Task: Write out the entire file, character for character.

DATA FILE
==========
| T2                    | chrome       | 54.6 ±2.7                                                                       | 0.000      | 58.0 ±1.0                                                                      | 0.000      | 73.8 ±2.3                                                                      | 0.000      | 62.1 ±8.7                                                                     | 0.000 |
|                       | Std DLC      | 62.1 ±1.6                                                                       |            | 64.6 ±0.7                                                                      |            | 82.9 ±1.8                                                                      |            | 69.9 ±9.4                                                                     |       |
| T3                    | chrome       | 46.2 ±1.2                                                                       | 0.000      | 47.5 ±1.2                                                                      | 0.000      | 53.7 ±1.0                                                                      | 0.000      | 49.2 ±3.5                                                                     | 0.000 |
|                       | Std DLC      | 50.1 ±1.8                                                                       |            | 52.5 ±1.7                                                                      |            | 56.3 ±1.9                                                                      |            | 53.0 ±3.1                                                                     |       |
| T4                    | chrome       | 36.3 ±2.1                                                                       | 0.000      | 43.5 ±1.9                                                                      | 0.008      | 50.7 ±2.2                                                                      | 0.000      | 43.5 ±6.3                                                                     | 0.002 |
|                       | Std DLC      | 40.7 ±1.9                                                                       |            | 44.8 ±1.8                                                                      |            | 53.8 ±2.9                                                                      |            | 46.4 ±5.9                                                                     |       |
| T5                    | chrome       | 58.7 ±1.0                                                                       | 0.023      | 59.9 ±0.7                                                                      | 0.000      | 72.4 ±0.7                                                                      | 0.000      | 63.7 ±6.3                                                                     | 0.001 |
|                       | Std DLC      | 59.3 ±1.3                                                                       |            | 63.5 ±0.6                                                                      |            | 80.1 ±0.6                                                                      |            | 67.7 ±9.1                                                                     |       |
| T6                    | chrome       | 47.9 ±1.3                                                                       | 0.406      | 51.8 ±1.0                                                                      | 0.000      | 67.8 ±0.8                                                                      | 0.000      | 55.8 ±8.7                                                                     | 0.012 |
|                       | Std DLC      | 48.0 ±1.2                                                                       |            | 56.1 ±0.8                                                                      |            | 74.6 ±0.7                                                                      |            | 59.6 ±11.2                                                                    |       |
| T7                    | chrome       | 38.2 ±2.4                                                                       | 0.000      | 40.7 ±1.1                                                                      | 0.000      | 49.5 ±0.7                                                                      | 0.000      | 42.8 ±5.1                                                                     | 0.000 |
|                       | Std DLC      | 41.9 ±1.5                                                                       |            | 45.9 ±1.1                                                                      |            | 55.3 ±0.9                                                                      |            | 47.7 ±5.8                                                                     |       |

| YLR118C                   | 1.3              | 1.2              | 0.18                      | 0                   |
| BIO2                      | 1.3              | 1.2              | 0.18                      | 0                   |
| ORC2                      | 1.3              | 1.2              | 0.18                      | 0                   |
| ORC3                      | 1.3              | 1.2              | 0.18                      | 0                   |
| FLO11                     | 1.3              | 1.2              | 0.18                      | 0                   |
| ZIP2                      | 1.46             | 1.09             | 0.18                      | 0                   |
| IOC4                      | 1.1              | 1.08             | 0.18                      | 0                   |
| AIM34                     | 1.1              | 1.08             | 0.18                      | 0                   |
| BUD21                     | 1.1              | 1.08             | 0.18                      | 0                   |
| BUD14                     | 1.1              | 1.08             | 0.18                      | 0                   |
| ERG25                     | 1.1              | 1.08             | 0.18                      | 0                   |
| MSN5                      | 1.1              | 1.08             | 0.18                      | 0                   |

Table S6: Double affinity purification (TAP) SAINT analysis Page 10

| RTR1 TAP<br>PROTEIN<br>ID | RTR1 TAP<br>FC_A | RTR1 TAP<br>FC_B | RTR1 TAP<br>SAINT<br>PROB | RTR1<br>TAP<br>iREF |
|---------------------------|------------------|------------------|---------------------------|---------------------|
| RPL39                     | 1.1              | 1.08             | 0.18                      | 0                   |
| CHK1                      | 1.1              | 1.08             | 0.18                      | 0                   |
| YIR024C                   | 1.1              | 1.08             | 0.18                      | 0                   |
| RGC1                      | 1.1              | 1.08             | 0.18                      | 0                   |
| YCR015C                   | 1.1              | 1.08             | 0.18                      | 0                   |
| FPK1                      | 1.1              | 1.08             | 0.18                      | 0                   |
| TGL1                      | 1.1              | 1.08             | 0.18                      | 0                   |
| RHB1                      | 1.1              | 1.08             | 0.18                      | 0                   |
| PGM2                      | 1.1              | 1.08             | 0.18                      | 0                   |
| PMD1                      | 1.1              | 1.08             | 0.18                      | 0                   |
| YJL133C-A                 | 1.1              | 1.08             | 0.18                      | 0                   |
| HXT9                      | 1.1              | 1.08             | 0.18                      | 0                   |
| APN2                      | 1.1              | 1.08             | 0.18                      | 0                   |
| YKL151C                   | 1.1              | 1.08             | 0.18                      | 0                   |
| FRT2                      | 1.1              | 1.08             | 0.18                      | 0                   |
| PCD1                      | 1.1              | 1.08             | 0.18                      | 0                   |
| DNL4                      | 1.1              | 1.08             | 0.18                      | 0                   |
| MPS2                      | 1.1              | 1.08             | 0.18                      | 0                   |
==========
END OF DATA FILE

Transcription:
| T2                    | chrome       | 54.6 ±2.7                                                                       | 0.000      | 58.0 ±1.0                                                                      | 0.000      | 73.8 ±2.3                                                                      | 0.000      | 62.1 ±8.7                                                                     | 0.000 |
|                       | Std DLC      | 62.1 ±1.6                                                                       |            | 64.6 ±0.7                                                                      |            | 82.9 ±1.8                                                                      |            | 69.9 ±9.4                                                                     |       |
| T3                    | chrome       | 46.2 ±1.2                                                                       | 0.000      | 47.5 ±1.2                                                                      | 0.000      | 53.7 ±1.0                                                                      | 0.000      | 49.2 ±3.5                                                                     | 0.000 |
|                       | Std DLC      | 50.1 ±1.8                                                                       |            | 52.5 ±1.7                                                                      |            | 56.3 ±1.9                                                                      |            | 53.0 ±3.1                                                                     |       |
| T4                    | chrome       | 36.3 ±2.1                                                                       | 0.000      | 43.5 ±1.9                                                                      | 0.008      | 50.7 ±2.2                                                                      | 0.000      | 43.5 ±6.3                                                                     | 0.002 |
|                       | Std DLC      | 40.7 ±1.9                                                                       |            | 44.8 ±1.8                                                                      |            | 53.8 ±2.9                                                                      |            | 46.4 ±5.9                                                                     |       |
| T5                    | chrome       | 58.7 ±1.0                                                                       | 0.023      | 59.9 ±0.7                                                                      | 0.000      | 72.4 ±0.7                                                                      | 0.000      | 63.7 ±6.3                                                                     | 0.001 |
|                       | Std DLC      | 59.3 ±1.3                                                                       |            | 63.5 ±0.6                                                                      |            | 80.1 ±0.6                                                                      |            | 67.7 ±9.1                                                                     |       |
| T6                    | chrome       | 47.9 ±1.3                                                                       | 0.406      | 51.8 ±1.0                                                                      | 0.000      | 67.8 ±0.8                                                                      | 0.000      | 55.8 ±8.7                                                                     | 0.012 |
|                       | Std DLC      | 48.0 ±1.2                                                                       |            | 56.1 ±0.8                                                                      |            | 74.6 ±0.7                                                                      |            | 59.6 ±11.2                                                                    |       |
| T7                    | chrome       | 38.2 ±2.4                                                                       | 0.000      | 40.7 ±1.1                                                                      | 0.000      | 49.5 ±0.7                                                                      | 0.000      | 42.8 ±5.1                                                                     | 0.000 |
|                       | Std DLC      | 41.9 ±1.5                                                                       |            | 45.9 ±1.1                                                                      |            | 55.3 ±0.9                                                                      |            | 47.7 ±5.8                                                                     |       |

| YLR118C                   | 1.3              | 1.2              | 0.18                      | 0                   |
| BIO2                      | 1.3              | 1.2              | 0.18                      | 0                   |
| ORC2                      | 1.3              | 1.2              | 0.18                      | 0                   |
| ORC3                      | 1.3              | 1.2              | 0.18                      | 0                   |
| FLO11                     | 1.3              | 1.2              | 0.18                      | 0                   |
| ZIP2                      | 1.46             | 1.09             | 0.18                      | 0                   |
| IOC4                      | 1.1              | 1.08             | 0.18                      | 0                   |
| AIM34                     | 1.1              | 1.08             | 0.18                      | 0                   |
| BUD21                     | 1.1              | 1.08             | 0.18                      | 0                   |
| BUD14                     | 1.1              | 1.08             | 0.18                      | 0                   |
| ERG25                     | 1.1              | 1.08             | 0.18                      | 0                   |
| MSN5                      | 1.1              | 1.08             | 0.18                      | 0                   |

Table S6: Double affinity purification (TAP) SAINT analysis Page 10

| RTR1 TAP<br>PROTEIN<br>ID | RTR1 TAP<br>FC_A | RTR1 TAP<br>FC_B | RTR1 TAP<br>SAINT<br>PROB | RTR1<br>TAP<br>iREF |
|---------------------------|------------------|------------------|---------------------------|---------------------|
| RPL39                     | 1.1              | 1.08             | 0.18                      | 0                   |
| CHK1                      | 1.1              | 1.08             | 0.18                      | 0                   |
| YIR024C                   | 1.1              | 1.08             | 0.18                      | 0                   |
| RGC1                      | 1.1              | 1.08             | 0.18                      | 0                   |
| YCR015C                   | 1.1              | 1.08             | 0.18                      | 0                   |
| FPK1                      | 1.1              | 1.08             | 0.18                      | 0                   |
| TGL1                      | 1.1              | 1.08             | 0.18                      | 0                   |
| RHB1                      | 1.1              | 1.08             | 0.18                      | 0                   |
| PGM2                      | 1.1              | 1.08             | 0.18                      | 0                   |
| PMD1                      | 1.1              | 1.08             | 0.18                      | 0                   |
| YJL133C-A                 | 1.1              | 1.08             | 0.18                      | 0                   |
| HXT9                      | 1.1              | 1.08             | 0.18                      | 0                   |
| APN2                      | 1.1              | 1.08             | 0.18                      | 0                   |
| YKL151C                   | 1.1              | 1.08             | 0.18                      | 0                   |
| FRT2                      | 1.1              | 1.08             | 0.18                      | 0                   |
| PCD1                      | 1.1              | 1.08             | 0.18                      | 0                   |
| DNL4                      | 1.1              | 1.08             | 0.18                      | 0                   |
| MPS2                      | 1.1              | 1.08             | 0.18                      | 0                   |